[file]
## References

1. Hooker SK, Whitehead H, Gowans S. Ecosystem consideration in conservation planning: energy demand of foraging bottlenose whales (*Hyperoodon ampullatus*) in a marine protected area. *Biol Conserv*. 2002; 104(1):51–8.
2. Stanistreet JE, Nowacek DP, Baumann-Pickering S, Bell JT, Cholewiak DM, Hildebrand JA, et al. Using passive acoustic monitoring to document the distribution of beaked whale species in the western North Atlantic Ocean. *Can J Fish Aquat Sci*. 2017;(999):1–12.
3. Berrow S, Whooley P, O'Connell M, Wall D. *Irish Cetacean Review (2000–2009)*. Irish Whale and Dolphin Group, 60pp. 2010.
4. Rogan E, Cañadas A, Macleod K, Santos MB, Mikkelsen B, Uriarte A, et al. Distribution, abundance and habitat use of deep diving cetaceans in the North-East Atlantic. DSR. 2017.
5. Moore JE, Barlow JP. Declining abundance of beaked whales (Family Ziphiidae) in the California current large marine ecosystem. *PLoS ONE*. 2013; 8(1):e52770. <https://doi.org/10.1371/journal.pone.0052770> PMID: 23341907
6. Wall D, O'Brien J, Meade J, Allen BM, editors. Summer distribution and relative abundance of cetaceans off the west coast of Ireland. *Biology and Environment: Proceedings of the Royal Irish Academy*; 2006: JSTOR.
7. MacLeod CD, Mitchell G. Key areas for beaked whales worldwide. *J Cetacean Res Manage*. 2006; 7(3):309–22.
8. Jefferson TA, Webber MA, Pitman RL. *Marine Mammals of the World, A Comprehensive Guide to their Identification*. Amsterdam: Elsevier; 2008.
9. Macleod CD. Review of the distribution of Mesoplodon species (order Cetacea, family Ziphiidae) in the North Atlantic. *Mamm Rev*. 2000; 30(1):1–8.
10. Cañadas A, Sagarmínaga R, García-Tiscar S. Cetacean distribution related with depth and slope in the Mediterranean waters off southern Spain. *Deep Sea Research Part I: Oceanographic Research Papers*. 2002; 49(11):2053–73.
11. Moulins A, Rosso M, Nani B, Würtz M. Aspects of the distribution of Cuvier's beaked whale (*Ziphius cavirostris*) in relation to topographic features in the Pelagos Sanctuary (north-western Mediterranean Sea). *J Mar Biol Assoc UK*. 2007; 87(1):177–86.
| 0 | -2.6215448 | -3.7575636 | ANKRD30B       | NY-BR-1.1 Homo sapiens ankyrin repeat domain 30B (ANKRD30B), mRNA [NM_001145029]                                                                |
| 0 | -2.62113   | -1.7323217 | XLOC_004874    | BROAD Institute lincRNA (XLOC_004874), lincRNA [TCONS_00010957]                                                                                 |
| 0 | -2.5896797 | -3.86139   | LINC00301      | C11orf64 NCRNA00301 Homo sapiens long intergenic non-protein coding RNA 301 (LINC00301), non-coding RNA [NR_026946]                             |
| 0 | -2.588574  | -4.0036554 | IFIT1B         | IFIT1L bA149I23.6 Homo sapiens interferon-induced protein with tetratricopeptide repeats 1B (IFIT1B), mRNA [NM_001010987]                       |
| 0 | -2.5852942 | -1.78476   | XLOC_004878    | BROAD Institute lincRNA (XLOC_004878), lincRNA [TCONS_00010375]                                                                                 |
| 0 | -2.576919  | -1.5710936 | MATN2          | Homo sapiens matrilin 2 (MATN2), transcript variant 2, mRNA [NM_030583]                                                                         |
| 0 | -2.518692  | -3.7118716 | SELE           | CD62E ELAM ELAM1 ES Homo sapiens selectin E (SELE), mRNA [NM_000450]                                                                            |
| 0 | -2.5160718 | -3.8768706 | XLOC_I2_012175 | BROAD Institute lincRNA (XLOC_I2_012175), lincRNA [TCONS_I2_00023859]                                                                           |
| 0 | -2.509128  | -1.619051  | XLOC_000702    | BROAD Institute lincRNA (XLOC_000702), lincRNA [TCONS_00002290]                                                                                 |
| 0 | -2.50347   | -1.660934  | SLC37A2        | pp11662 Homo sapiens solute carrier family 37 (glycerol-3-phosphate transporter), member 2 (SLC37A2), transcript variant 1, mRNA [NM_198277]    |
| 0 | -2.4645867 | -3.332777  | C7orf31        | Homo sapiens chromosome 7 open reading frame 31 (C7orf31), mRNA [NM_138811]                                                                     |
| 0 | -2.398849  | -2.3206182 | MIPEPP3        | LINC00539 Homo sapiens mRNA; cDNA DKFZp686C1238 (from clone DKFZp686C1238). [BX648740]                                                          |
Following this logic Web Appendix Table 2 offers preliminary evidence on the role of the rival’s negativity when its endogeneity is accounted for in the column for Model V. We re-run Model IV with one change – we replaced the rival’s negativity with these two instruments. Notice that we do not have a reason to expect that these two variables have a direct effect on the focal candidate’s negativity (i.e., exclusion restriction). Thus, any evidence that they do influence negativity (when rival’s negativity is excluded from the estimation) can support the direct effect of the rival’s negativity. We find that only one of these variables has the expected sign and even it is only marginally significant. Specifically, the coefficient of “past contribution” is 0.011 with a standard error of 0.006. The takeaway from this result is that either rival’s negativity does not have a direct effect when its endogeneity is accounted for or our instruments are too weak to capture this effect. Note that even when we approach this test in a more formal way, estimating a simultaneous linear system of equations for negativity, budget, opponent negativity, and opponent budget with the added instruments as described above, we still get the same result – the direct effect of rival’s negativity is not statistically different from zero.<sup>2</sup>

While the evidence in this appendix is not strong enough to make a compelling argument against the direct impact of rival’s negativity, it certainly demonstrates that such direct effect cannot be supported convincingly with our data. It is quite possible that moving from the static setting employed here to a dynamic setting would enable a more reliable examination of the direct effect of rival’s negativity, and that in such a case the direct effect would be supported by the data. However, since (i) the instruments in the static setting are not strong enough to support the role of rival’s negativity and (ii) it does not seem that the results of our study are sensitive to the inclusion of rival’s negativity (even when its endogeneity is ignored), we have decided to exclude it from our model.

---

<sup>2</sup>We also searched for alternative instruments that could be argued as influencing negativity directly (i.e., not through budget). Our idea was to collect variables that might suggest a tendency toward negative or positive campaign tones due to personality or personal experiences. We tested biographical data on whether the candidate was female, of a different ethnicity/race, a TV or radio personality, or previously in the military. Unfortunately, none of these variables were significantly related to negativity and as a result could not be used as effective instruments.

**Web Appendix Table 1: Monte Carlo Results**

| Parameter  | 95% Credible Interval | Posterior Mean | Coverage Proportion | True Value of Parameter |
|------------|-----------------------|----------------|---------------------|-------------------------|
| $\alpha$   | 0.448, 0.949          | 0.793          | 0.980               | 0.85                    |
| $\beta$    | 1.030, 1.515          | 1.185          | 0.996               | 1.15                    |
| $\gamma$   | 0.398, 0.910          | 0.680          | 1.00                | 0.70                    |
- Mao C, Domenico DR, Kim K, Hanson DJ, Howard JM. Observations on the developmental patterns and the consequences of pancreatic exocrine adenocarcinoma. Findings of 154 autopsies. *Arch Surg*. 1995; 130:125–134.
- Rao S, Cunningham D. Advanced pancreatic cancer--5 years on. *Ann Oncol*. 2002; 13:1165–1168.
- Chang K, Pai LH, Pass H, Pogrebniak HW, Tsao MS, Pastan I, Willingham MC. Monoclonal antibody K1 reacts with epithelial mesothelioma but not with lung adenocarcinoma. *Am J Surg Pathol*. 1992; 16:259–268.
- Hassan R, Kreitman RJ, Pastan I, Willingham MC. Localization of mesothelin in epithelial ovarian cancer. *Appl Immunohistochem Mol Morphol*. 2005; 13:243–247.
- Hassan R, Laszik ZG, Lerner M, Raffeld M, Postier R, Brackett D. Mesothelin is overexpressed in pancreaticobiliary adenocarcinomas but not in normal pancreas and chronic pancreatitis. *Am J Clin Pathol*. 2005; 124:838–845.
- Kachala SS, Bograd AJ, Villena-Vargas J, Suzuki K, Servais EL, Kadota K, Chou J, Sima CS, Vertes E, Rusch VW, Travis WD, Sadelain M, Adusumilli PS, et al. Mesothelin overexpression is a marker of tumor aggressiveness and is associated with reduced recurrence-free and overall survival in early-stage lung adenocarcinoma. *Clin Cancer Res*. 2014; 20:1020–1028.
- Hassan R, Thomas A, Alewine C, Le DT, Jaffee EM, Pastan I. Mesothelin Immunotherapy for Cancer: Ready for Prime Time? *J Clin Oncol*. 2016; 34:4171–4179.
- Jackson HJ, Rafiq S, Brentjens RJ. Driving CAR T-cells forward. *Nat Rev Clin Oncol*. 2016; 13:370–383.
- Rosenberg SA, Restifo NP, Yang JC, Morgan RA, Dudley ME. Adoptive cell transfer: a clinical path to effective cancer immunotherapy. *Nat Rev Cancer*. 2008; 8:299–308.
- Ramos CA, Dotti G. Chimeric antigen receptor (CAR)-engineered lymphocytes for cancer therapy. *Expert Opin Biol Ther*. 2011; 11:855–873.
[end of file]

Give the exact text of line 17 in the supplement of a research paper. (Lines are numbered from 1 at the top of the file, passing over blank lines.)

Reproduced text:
| 0 | -2.5852942 | -1.78476   | XLOC_004878    | BROAD Institute lincRNA (XLOC_004878), lincRNA [TCONS_00010375]                                                                                 |